Life after registration
The third step in GPs’ FATCA compliance planning, which most firms have only just begun, is arguably where the July deadline really starts to matter. Fund advisors must update their onboarding procedures for new LP accounts, and analyze their existing LP accounts to see that all the right information for FATCA reporting purposes is there. If not, July marks the date when certain types of LPs could start incurring that 30 percent withholding tax on future realizations.
As a general rule, funds will begin applying the tax to any foreign LPs who invest in one of their funds after June 30, 2014 (unless the income is on grandfathered debt) if that LP isn’t FATCA-compliant, explains Arnold.
To avoid this fate, fund managers are in the process of updating their onboarding procedures to require investors to document their FATCAclassification to enable proper withholding and reporting on an annual basis. Similarly, existing investor documentation will need to be updated forFATCA; in this regard, IRS Forms W-9 or W-8, as applicable, need to be supplemented or newly solicited from every LP, stress advisors.
Unfortunately that’s something easier said than done, says EisnerAmper tax partner Jay Bakst. “Some of the instructions to the new forms designed for FATCA documentation and reporting are not even out yet and managers receiving these new forms from their LPs may be reluctant to accept them as valid pending the release of detailed guidance regarding how to complete them.”
Over the coming months and years GPs may have to go back to investors to correct the forms as new guidance comes out, says Bakst. Worse still there’s a risk that LPs will be slow to move in sending or correcting their forms in a manner that properly documents them as FATCA compliant, which can delay the firm’s own FATCA compliance planning.
Some GPs are hopeful that LPs are familiar enough with FATCA that the process won’t prove too burdensome.
“Our industry is dealing with very sophisticated investors who are already well aware of FATCA,” says Corsair Capital director of accounting Kristy Rocca Trieste. “And like all GPs we continuously update our LP tax files and obtain updated documentation from our LPs no less frequently than every five years.”
Nonetheless GPs should assume that not every form sent by their LPs is coming in perfect, says Bakst. “The form must be reviewed and validated as the LP may have left a certain mandatory line blank or answered in a manner that the GP knows, or has reason to know, is incorrect.”
In fact this third step around LP due diligence may be the most difficult one of all, advisors predict. For starters GPs must make the decision to either supplement their pre-FATCA LP documentation (assuming they are valid) with information needed for FATCA classification or solicit the new version of the forms released earlier this year which contain all of the lines for proper FATCA documentation from their LPs.
Evans says her firm decided to update its existing LP files and records late last year because “anyone who did not reach out to LPs in 2013 to refresh LP W8s using the old forms is now in the position of going out to LPs to complete the new W8s – which no one seems to understand how to complete.”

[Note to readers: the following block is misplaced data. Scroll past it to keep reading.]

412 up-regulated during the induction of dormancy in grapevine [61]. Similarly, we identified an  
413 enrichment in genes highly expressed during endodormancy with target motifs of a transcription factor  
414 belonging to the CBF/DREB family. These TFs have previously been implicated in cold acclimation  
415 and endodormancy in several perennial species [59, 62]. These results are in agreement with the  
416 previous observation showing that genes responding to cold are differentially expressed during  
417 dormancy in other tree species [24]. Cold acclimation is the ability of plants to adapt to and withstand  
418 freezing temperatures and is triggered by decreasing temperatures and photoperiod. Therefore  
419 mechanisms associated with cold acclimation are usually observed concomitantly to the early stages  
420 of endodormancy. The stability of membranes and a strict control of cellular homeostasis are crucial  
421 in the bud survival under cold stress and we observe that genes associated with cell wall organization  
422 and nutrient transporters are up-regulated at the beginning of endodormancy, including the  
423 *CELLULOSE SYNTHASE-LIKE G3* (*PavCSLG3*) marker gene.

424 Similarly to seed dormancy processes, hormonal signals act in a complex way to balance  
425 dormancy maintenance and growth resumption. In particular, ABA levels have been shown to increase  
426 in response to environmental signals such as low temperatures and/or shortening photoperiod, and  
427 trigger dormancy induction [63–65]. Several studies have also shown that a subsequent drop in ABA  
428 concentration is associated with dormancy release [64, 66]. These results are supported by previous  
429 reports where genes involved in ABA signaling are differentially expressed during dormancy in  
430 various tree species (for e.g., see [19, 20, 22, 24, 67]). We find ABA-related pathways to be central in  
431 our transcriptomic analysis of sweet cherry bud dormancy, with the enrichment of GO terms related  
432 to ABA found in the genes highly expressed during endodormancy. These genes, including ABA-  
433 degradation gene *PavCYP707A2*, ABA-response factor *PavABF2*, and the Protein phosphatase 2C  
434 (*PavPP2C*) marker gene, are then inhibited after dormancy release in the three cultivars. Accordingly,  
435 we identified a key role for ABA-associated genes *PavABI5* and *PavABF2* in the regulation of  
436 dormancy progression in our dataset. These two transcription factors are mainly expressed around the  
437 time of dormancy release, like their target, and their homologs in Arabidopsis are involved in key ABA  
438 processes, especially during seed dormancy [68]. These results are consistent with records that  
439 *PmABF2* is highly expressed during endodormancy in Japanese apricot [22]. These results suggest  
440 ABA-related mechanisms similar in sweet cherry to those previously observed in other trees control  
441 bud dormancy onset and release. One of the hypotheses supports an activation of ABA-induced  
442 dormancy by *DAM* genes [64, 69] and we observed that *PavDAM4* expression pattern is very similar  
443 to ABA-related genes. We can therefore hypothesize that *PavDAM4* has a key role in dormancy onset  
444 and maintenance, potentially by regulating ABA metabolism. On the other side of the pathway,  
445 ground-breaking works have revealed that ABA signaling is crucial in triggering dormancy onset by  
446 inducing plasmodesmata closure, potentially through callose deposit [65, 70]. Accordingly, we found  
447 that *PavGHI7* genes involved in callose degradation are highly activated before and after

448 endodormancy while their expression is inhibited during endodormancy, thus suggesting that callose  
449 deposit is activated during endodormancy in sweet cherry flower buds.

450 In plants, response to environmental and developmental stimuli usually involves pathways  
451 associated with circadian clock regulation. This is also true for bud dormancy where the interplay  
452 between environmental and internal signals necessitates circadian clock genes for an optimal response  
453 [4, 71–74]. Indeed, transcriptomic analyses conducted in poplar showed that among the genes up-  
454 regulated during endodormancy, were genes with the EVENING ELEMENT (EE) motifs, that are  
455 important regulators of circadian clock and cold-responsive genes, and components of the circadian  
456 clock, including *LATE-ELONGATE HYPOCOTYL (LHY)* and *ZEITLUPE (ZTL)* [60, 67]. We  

Others however are deciding to wait for the IRS to release some more detailed instructions to the new W-8 and W9 forms designed with FATCA in mind and solicit these new forms rather than “patching together different pieces of information or documentation depending on the type of investor and risk getting it wrong,” says Bakst.
(EDITOR’S NOTE: In late June the IRS released long-awaited instructions for its Form W-8BEN-E, which foreign LPs must complete to certify their tax status for FATCA purposes, see related coverage or privatefundsmanagement.net for further details)
After all the forms are collected and LPs’ tax files are updated, advisers must then cross-reference the files with their existing LP records. What can’t happen, advisors warn, is an LP submits a FATCA form that contradicts information in a subscription agreement, anti-money laundering form or other fund documents. “GPs can’t just rely on investors’ forms as completed without applying the relevant due diligence procedures,” warns Bakst.
Approaching the finish line
The final and fourth step is one many GPs appear to have put on the backburner for the moment. Once LPs have been certified FATCA-complaint (or if not, properly isolated from other investors to ensure that only withholding tax applies to them – something legal experts say should be spelled out clearly in the LPA), the adviser must implement procedures for FATCA reporting and withholding.
With respect to reporting, the IRS will refrain from enforcing many of its requirements until March 31, 2015 for GPs based in countries that have signed a ‘Model 2’ intergovernmental agreement (or IGA) – or if they have no IGA in place, meaning they will be reporting directly to the IRS. For firms reporting via their local regulators under a ‘Model 1’ bilateral FATCA pact, which most jurisdictions have opted for, the relevant reporting date is September 30, 2015. Since the IRS has so far failed to provide all the necessary guidance and final forms, those dates seem somewhat optimistic.
Clearly, the sheer complexity of FATCA has caused a lot of unexpected stress and compliance planning. But while large swathes of the industry still have a way to go before they’re fully compliant, it does appear that private fund advisers are getting a grip on this new reporting reality.